Fewer young men are having sex than ever before, if you can believe it, with the sexless trend for men under 30 tripling in the last 10 years. What’s going on here? Jean Twenge, sociologist and author of the book, iGen, points to a “face-to-face social interaction recession” to explain this “sex recession.” Read our conversation below for more…
Katie Couric: We know there’s a loneliness epidemic happening right now, particularly among young people – is this drop-off in sex just one symptom of a larger sense of isolation?
Jean Twenge: Yes. Young people are spending much less time with their friends in person than they did just 10 years ago. iGen (those born after 1995) is hanging out with friends, going out, and dating less often than previous generations did at the same age. Perhaps as a result, feelings of loneliness skyrocketed between 2012 and 2017 among 13- to 18-year-olds.
You make the connection between the trend toward “partnering up” later in life and this decreased sexual activity — what’s your theory?
Married people have more sex than unmarried people, so as marriage and even living together becomes less common among people in their 20s, it makes sense that sexual activity would decline in this age group.
What are your thoughts on the gender divide that the data reveals?
It’s hard to say, but it could be that a growing number of men are being “frozen out” of the dating pool. Due to online dating apps or some other reason, perhaps one group of men is having more sex while another group is having less.
What have you found that young people themselves feel about their increasingly isolated existences — do they seem to be trying to find ways to create connections or correct the situation somehow?
Many young people I talked to for the book were aware that their social lives were different than their parents’ were when they were young – but they felt powerless to do much about it. Even if they want to go out, how can they if their friends are all alone in their bedrooms on Instagram? This isn’t just an individual issue – it’s a generational one.
What part is technology playing in all this? Have we really reached a point where video games and Netflix are more appealing to young men than sex?
I don’t think games and Netflix are necessarily more appealing than sex. However, the rise of technology has meant there are more ways to entertain yourself at 10pm than there used to be. Staying home by yourself isn’t as boring as it once was.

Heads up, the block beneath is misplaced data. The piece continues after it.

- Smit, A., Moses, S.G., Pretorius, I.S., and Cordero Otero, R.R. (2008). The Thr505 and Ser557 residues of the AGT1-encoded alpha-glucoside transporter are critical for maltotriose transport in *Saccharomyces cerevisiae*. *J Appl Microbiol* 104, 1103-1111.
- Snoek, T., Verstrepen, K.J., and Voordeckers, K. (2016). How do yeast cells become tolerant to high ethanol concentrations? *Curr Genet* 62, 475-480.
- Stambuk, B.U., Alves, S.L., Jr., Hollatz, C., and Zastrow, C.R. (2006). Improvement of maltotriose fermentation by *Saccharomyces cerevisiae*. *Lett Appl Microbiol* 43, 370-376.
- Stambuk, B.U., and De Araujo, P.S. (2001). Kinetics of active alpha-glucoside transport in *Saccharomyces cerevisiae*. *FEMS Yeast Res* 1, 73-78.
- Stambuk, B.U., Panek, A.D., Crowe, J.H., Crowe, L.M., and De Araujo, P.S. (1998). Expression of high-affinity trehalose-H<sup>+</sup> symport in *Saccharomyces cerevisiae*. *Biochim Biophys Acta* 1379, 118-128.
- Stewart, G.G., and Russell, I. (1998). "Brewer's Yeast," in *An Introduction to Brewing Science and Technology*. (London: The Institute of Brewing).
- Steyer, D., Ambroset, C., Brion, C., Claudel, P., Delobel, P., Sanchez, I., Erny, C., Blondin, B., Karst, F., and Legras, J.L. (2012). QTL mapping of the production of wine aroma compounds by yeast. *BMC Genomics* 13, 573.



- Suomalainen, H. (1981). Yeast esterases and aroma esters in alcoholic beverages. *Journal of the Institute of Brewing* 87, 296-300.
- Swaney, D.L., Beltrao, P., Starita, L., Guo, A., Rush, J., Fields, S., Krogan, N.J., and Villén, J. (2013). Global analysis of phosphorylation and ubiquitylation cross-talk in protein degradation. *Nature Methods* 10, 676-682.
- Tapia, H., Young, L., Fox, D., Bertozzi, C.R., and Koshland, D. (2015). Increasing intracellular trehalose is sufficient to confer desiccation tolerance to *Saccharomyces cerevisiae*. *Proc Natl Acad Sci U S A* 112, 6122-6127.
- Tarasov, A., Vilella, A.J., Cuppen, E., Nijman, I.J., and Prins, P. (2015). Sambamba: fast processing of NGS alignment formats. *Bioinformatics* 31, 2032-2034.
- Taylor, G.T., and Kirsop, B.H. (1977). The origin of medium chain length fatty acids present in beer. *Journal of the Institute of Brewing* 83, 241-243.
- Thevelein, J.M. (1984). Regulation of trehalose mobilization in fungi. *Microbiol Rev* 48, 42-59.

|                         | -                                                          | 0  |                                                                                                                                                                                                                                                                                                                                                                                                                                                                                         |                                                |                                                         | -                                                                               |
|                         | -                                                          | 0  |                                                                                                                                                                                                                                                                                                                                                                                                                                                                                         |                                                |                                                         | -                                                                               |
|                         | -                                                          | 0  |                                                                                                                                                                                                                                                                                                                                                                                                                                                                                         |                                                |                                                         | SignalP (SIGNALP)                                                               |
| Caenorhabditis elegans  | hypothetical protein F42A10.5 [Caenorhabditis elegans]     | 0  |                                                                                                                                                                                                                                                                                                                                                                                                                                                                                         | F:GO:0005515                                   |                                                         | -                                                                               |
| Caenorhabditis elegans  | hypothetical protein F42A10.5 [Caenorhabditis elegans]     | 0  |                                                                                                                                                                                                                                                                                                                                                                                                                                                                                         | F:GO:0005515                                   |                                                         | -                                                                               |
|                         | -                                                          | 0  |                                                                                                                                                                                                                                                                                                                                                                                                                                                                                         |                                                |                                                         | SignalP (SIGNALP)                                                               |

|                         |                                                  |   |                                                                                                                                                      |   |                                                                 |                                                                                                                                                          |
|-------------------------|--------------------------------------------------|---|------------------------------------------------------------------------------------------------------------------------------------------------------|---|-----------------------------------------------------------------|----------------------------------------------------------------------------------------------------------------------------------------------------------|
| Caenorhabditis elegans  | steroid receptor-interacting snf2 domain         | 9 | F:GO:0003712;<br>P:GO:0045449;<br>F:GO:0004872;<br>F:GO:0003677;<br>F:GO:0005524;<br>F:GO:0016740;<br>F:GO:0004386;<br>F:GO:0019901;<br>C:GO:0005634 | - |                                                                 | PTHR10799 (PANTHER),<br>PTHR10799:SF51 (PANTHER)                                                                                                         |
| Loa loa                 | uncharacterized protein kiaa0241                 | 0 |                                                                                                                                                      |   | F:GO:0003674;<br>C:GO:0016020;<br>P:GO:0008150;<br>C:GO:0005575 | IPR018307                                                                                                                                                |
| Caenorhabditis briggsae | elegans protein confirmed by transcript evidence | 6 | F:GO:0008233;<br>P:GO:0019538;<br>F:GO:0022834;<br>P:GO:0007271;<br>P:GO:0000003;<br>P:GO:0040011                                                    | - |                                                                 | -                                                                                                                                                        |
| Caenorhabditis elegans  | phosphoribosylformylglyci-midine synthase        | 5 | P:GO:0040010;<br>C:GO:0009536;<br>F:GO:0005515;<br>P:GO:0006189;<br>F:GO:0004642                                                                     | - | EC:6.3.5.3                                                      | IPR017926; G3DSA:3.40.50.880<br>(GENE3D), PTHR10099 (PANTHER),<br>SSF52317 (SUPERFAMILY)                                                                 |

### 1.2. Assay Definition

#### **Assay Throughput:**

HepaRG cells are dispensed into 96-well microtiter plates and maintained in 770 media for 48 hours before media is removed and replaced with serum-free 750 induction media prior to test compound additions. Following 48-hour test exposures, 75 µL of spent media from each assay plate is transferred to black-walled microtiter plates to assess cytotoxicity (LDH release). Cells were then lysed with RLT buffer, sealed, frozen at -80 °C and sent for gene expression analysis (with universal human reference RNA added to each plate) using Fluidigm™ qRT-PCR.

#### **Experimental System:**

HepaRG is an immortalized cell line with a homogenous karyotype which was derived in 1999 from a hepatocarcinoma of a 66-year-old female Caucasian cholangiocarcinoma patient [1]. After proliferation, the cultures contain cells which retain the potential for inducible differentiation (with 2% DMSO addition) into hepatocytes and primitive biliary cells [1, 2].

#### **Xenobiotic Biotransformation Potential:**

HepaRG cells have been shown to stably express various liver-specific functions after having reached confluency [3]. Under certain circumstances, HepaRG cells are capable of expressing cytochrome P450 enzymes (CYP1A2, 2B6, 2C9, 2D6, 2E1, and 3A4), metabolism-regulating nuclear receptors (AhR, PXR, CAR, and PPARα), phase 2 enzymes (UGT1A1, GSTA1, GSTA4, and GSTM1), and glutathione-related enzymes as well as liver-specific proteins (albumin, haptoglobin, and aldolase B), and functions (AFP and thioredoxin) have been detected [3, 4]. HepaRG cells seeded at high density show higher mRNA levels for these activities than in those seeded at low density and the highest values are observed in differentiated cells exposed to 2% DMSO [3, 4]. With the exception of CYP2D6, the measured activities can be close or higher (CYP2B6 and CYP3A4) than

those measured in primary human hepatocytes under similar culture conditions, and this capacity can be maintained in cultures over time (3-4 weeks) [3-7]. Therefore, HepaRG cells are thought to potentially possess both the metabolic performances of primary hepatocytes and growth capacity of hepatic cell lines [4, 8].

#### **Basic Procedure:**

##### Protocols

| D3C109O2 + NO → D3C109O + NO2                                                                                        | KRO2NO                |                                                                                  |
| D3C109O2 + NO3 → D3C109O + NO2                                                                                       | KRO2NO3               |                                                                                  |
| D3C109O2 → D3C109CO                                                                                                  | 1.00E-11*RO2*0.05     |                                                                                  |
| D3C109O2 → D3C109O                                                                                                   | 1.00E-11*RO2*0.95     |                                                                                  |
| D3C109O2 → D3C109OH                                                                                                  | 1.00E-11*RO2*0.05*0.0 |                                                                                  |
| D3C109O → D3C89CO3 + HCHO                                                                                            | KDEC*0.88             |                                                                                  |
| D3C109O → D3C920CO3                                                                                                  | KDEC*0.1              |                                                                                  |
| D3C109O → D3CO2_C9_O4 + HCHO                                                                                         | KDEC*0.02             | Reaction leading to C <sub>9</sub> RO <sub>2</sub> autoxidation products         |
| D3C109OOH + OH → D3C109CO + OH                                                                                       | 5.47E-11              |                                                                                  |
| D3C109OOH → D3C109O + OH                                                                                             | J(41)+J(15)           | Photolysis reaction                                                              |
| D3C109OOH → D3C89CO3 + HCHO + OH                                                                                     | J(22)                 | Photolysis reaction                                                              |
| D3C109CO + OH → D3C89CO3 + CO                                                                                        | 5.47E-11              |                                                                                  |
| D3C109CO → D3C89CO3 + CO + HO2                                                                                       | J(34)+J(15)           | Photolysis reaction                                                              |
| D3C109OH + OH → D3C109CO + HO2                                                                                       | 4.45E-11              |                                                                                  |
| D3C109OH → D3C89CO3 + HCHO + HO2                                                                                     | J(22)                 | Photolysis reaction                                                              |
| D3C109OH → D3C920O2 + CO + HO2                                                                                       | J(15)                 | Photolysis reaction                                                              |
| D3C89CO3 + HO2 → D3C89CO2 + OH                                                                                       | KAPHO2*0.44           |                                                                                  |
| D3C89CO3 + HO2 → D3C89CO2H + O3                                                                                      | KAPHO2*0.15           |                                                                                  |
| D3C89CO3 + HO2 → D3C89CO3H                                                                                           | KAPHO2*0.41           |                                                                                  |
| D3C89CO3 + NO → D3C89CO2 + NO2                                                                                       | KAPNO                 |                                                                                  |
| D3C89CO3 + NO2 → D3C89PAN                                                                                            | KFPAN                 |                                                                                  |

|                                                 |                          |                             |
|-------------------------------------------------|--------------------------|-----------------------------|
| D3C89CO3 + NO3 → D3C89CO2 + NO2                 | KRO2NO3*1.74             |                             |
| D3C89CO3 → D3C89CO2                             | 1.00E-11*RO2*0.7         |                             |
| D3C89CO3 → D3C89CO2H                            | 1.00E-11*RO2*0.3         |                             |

You’ve done a tremendous amount of research to understand the most recently emerging generation, Gen Z or iGen as you’ve called them — what differentiates them most clearly from Millennials or Gen X?
Millennials were and are a very optimistic and self-confident generation, and iGen is not. Their expectations are not as high, and they are not as happy or self-assured. In addition, rates of depression, anxiety, and loneliness have skyrocketed among the young. At the same time, they are more practical and down-to-earth than Millennials were as teens and young adults, with a strong work ethic. They are driven to succeed, but afraid they won’t.
I was struck by something you said, “We are programmed to respond to other people in real time by looking at each other’s faces, by being able to touch each other and smell each other. Digital media interaction is missing a lot of those elements.” Are you hopeful that young people can regain this vital human interaction in their lives? What do you expect to be the effects if this trend continues to worsen?
There’s not just a “sex recession” — there’s a “face-to-face social interaction recession.” If digital interaction was just as good for mental health and social skills as face-to-face interaction, that might be OK. But it’s not as good, and we are experiencing the results. I know that iGen recognizes these changes, and I hope many will start to do something about it. With their drive, energy, and quick minds, they have the potential to turn this trend around if they want to.